Dan Trabue said...

I would shut off all of the machines in the hospital, get some fake tears brewing, appear on FOX news at 9pm that night and blame it on the gays.

Boy, I'd make a good conservative, wouldn't I?!

the reverend mommy said...

Ooops. That's what I get when I get tired. I sure slip into seminaryspeak real fast.

rocksalive777 said...

I just had flashbacks to my Intro Ethics course. *shudder*

I'm with Johnny Mill on this one. To disagree with Rev. Mom, Mill's teacher, Bentham, may have tried to measure each life, but I feel that Mill would have suggested the doctors go for the surest bet. If the accident victim has a higher chance of living, the resources should be spent on him. Mrs. CZ's refusal of treatment (seemingly) indicates that she had made peace with her fate. Unless, of course, the victim is a murderer and Mrs. CZ is a saint, but I prefer to avoid the random objections such as this.

Now you say she has the worst prognosis. So are there any less extreme circumstances, such as a patient on a respirator whose life does not depend on the machine? (Ok, so I don't know if they use respirators for prevention, but it's worth a shot).

Anonymous said...

Based on my experiences as a physician in both Nebraska - truly Gods Country, despite what Texans might tell you! :) - and Missouri, what would most likely to happen is that the patient from the automobile accident would not be presented to the community hospital if they would not be able to adequately take care of that patient. The patient would most likely be transported to another nearby hospital that could accept and manage a trauma patient in which your scenario describes. EMTs and other emergency services personnel radio ahead to alert hospitals about the patient and the hospitals capability to accept.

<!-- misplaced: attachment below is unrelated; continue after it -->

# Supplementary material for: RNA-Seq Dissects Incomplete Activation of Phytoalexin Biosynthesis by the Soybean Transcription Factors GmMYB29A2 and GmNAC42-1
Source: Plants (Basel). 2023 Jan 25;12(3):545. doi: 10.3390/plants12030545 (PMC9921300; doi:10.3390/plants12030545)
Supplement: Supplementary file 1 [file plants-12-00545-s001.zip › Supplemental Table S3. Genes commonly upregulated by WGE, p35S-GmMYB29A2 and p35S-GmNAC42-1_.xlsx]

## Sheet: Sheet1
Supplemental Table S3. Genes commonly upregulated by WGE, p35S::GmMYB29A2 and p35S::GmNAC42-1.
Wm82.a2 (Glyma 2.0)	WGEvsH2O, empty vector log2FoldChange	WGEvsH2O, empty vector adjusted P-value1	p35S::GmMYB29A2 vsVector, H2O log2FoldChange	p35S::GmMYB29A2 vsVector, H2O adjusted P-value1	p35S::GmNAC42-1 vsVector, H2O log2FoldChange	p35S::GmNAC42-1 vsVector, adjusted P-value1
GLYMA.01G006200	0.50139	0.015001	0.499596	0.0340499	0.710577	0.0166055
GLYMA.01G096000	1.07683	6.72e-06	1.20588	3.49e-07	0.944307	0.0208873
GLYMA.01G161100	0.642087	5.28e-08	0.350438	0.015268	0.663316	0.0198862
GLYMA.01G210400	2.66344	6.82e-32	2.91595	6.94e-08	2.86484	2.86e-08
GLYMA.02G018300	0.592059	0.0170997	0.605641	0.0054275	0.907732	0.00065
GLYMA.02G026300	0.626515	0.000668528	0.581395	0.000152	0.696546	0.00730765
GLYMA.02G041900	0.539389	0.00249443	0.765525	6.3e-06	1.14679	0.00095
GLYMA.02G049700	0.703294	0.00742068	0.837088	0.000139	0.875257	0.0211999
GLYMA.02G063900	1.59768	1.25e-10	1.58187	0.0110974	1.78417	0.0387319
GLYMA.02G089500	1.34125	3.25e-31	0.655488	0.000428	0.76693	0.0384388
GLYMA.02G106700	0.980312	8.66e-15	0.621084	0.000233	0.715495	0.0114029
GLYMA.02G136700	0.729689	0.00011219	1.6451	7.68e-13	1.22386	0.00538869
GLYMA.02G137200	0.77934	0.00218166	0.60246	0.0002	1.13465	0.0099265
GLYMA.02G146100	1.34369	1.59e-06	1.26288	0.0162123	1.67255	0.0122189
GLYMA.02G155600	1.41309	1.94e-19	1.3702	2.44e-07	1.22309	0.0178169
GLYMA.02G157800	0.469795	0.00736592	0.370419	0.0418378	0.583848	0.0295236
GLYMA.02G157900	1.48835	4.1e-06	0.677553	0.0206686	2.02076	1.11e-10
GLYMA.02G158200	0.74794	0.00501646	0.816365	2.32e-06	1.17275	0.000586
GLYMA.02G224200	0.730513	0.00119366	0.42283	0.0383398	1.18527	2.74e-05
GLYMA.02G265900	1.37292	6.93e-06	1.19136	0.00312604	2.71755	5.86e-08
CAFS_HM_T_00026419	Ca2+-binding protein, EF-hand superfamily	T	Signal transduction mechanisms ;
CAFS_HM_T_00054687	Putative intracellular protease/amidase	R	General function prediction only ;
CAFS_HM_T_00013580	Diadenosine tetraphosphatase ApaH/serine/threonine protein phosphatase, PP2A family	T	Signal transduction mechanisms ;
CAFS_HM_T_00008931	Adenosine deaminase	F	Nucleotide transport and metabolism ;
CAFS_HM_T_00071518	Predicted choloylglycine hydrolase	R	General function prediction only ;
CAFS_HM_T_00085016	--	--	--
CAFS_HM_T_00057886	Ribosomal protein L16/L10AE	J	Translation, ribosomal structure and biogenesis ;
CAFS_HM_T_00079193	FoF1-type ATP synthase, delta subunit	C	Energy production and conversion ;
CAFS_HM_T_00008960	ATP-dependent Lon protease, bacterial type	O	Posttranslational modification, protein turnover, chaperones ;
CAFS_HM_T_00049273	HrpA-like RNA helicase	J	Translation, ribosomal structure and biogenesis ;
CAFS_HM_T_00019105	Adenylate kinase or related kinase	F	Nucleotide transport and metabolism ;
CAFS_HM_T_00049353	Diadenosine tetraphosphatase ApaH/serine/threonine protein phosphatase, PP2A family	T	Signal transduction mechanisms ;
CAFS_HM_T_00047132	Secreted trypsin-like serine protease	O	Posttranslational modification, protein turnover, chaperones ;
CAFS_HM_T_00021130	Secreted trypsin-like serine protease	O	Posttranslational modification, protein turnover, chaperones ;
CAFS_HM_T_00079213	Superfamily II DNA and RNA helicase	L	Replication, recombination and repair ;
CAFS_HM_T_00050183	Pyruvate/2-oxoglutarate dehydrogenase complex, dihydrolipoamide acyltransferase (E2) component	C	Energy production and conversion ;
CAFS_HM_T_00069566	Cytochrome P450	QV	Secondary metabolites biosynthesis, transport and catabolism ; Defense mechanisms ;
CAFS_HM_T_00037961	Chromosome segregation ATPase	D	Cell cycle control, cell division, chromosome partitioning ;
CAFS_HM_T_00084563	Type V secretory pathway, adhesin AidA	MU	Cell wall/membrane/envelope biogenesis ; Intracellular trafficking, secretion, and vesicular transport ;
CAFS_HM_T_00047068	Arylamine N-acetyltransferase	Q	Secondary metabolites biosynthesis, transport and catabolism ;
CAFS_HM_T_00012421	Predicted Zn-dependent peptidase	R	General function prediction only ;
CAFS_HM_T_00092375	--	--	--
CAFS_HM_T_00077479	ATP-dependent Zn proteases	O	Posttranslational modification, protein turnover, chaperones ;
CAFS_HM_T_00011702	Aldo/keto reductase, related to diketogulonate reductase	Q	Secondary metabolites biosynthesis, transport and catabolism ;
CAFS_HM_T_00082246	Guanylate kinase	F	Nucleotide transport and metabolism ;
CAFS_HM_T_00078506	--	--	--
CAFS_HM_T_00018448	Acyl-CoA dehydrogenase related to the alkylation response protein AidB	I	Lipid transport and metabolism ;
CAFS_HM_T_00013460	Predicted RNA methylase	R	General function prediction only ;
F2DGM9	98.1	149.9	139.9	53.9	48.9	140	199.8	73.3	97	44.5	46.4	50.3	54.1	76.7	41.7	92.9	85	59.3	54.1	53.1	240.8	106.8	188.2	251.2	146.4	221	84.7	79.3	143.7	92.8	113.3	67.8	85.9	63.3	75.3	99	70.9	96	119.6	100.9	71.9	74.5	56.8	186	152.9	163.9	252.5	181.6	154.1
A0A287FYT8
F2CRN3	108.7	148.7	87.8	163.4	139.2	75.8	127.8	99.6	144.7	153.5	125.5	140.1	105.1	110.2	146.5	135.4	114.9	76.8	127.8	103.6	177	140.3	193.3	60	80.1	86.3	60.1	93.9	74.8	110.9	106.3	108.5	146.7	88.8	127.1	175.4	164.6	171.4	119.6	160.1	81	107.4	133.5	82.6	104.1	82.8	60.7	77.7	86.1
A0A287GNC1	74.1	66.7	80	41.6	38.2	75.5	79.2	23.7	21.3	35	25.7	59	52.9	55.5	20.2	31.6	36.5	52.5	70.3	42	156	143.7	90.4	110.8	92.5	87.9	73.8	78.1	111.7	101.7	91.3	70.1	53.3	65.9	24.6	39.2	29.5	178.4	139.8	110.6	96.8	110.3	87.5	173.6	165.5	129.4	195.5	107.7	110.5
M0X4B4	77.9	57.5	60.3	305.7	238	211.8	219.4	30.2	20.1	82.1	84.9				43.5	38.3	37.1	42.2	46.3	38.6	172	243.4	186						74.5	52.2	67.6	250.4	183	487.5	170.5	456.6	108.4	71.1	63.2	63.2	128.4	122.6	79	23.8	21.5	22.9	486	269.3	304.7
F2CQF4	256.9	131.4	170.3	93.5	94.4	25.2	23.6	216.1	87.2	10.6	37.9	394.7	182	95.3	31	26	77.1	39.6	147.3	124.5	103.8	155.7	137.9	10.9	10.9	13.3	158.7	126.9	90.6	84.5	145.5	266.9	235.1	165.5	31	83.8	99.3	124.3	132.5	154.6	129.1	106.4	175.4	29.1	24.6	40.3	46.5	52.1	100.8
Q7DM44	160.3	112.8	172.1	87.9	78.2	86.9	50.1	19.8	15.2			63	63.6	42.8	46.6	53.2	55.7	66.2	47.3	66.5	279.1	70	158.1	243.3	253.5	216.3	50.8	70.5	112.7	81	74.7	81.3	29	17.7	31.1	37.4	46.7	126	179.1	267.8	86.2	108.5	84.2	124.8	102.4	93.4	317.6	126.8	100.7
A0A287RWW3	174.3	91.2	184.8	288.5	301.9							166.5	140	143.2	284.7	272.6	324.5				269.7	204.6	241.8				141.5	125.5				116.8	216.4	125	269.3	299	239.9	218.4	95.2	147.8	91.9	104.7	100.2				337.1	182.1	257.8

Treating your scenario as is, if confronted with limited resources and the trauma patient has a better chance for survival, I would advocate terminating Mrs. CZ's ventilator for the trauma patient. Easy to say and do? Of course not. Tough times requires tough decisions. With a scaricity of resources, you try to slavage those who can be salvaged...period.
Just my .02cents.


Anonymous said...

In the mean time, they may have to put an intern on an air bag to manually aspirate someone in the hospital til it gets there.

Hey Buddy, I'm sure you meant ventilate! Aspiration is not a good thing, and as an anesthesiologist I guard against. To aspirate means when food or liquid enter the airway and could be fatal. Thanks for the chuckle! BTW, if I were in your domain I would not know the difference between a thingamajig and a do-hickey!


Gord said...

If the patient has not signed a DNR and the family (who would likely be pushed into the role of alternate decision makers if that patients wishes are not clear and teh patient is incapable of makingg a choice) are not willing to sign off on discontinuing care is it really a legal or ethical possibility?